China, meanwhile, is also corrupt, but in different ways expressed with less in the way of metaphor—“imperfections with Chinese characteristics,” as Levin reports one of his contacts saying. One businessman says that he’s not working with the Chinese military, as the Americans fear in blocking his acquisition of a US company: “If we were really connected to the PLA, we would not need to buy this company. We would just hack its computers and steal its technology.”

John F. Kennedy, Profiles in Courage: Senators who stood against the popular will, often including the will of their own states, in causes good and maybe not so good—Kennedy was extremely forgiving of various men who wished to preserve the Union by putting off the question of slavery to another day. Here’s Kennedy, writing words that we perhaps find hard to believe today: “The true democracy, living and growing and inspiring, puts its faith in the people—faith that the people will not simply elect men who will represent their views ably and faithfully, but also elect [those] who will exercise their conscientious judgment—faith that the people will not condemn those whose devotion to principle leads them to unpopular courses, but will reward courage, respect honor and ultimately recognize right.” I guess we’ll see whether we have that true democracy any more.

James C. Scott, Two Cheers for Anarchism: This is a bit different for a book about power. Scott argues that it’s mainly disorganized movements of pissed-off people that produce political change; leadership generally comes only afterwards, and often doesn’t have much of a clue what the ordinary people in the movement want. I’m in deep agreement with him that a radical wing is necessary for moderates to look worth compromising with, and I certainly understand his point that government power tends to accrete without additional payoff after an initial important intervention. But I wanted to be more hopeful after I finished than I was.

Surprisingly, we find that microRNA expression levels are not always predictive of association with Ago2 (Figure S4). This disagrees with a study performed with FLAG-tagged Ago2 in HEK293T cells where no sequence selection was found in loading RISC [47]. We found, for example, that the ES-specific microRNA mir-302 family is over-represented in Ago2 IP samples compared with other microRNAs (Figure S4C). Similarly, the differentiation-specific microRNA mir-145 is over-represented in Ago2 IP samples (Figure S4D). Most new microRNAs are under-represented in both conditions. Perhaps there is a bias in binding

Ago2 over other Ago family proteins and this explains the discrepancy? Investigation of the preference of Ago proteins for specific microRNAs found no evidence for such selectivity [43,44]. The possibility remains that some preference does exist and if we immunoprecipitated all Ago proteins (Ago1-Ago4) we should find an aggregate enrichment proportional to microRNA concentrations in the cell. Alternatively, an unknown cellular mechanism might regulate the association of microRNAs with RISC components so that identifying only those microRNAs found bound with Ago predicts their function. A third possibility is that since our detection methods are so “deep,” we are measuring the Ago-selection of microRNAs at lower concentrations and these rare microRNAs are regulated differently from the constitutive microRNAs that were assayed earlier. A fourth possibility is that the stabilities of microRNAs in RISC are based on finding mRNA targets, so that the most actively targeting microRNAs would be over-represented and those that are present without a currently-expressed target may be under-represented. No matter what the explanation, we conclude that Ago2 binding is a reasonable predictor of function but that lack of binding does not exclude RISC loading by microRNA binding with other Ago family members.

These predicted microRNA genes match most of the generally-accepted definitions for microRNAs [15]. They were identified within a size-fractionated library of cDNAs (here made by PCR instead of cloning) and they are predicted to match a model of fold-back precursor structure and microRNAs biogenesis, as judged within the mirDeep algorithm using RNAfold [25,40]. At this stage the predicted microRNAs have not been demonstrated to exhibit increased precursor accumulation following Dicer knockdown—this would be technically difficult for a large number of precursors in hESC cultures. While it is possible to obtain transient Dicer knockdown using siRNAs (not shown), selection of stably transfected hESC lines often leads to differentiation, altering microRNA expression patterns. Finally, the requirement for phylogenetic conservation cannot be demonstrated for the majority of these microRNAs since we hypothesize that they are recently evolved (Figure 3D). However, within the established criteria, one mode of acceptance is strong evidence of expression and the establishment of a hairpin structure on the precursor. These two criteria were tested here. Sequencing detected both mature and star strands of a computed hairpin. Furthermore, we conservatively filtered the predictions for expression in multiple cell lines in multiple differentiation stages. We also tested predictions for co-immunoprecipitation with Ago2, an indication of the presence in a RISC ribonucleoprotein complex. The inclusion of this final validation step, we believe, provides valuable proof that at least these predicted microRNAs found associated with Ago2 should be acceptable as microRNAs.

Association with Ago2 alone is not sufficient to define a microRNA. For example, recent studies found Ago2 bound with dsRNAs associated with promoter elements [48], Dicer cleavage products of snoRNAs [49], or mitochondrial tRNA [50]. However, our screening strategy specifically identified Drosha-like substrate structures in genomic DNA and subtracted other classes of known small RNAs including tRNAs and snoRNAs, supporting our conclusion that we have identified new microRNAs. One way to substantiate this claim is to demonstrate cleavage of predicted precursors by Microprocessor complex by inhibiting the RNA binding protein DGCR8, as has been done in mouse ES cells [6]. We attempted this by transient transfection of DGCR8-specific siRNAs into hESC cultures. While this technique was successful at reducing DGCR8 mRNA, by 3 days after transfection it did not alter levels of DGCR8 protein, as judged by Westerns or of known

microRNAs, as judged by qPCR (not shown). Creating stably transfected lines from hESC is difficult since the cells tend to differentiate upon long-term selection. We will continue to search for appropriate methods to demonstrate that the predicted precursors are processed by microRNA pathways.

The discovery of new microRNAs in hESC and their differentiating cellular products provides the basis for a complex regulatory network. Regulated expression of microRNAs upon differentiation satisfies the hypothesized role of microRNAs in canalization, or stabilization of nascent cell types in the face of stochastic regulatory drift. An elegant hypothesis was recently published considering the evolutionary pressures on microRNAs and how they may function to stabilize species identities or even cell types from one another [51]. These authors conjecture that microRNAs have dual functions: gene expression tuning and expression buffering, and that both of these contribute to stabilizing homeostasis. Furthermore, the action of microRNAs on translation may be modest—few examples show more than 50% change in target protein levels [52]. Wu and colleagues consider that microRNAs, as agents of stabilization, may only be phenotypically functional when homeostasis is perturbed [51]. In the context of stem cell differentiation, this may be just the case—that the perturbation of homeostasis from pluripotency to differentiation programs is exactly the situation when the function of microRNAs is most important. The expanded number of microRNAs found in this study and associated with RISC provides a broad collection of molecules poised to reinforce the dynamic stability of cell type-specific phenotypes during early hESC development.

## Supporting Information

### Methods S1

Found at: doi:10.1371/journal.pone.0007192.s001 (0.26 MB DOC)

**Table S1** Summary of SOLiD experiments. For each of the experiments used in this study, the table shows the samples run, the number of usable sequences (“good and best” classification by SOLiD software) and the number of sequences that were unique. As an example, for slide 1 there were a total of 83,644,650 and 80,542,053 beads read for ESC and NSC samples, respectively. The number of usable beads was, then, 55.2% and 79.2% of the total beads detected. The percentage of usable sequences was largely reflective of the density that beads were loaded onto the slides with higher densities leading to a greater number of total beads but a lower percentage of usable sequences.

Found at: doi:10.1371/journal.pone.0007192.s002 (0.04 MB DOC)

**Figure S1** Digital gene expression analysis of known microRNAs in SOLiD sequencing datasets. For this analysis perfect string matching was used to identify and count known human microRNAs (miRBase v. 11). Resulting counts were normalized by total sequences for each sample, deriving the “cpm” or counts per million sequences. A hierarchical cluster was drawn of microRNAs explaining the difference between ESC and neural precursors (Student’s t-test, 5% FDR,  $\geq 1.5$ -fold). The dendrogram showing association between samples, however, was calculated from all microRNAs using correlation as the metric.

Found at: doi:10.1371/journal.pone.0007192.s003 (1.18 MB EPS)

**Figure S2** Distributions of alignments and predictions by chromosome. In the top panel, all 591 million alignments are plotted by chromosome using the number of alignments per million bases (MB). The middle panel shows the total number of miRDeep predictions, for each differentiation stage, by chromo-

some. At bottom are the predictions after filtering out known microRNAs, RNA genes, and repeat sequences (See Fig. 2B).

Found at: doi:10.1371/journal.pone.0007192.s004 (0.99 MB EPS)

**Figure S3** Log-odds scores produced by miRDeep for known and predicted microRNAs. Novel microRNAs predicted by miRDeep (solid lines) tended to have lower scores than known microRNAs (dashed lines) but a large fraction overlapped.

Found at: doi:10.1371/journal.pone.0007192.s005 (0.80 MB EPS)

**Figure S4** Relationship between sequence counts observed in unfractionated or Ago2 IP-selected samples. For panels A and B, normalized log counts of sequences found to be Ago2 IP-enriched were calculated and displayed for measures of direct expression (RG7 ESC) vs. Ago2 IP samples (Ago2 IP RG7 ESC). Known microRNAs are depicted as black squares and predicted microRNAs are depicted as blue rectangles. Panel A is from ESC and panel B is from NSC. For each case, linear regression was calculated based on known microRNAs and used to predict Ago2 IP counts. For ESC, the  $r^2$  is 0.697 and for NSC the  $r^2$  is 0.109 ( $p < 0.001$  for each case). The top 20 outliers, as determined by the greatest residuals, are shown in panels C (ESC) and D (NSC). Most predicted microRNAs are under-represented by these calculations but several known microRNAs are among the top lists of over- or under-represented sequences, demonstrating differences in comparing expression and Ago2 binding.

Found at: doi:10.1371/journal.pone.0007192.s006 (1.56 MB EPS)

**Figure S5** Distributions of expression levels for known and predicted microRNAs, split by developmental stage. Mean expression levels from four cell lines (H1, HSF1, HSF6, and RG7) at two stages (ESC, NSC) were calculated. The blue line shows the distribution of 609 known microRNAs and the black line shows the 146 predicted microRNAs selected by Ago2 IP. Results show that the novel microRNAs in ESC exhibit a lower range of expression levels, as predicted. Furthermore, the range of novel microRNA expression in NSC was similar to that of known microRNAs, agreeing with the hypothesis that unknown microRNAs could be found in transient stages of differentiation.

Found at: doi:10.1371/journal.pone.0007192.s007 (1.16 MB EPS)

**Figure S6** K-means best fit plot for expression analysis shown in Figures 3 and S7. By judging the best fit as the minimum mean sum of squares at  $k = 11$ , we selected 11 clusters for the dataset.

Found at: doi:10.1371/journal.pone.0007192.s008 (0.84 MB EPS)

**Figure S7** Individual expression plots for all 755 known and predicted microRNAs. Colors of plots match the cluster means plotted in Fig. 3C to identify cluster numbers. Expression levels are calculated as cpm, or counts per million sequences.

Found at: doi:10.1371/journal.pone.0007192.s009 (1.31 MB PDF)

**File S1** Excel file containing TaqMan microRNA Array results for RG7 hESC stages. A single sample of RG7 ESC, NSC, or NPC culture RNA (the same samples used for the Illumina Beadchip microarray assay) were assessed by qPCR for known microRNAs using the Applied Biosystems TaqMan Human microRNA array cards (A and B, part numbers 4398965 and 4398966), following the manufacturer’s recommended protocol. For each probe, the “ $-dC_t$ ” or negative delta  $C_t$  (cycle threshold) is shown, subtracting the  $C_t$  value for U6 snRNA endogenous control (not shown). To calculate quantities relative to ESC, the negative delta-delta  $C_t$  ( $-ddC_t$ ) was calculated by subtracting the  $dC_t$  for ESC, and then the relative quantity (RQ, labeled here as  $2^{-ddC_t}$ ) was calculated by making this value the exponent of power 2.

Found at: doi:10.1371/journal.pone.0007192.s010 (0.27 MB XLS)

Alan Taylor, American Revolutions: The American Revolution has been canonized by Americans as the good one, the non-messy one. In fact, it was a civil war among British whites, and drew in numerous other nations, notably the Indian tribes whose land the colonists coveted; British sympathy with Indian rights was one of the grievances the colonists had. Taylor explores the various tensions in the colonies—mostly the rebel ones, but a bit into Canada and the Carribean—and how the Revolution fit into that larger story.

Susan Smally & Diana Winston, Fully Present: A book advocating mindfulness practices and suggesting ways of achieving mindfulness through short meditative exercises. A lot of suggestive but not conclusive science about the potential benefits for health and well-being, acknowledging the limits of the data, and enough practical advice that I’m going to try a few. Being fully present in the moment and in my body is not my strong suit, but maybe that’s itself reason to try.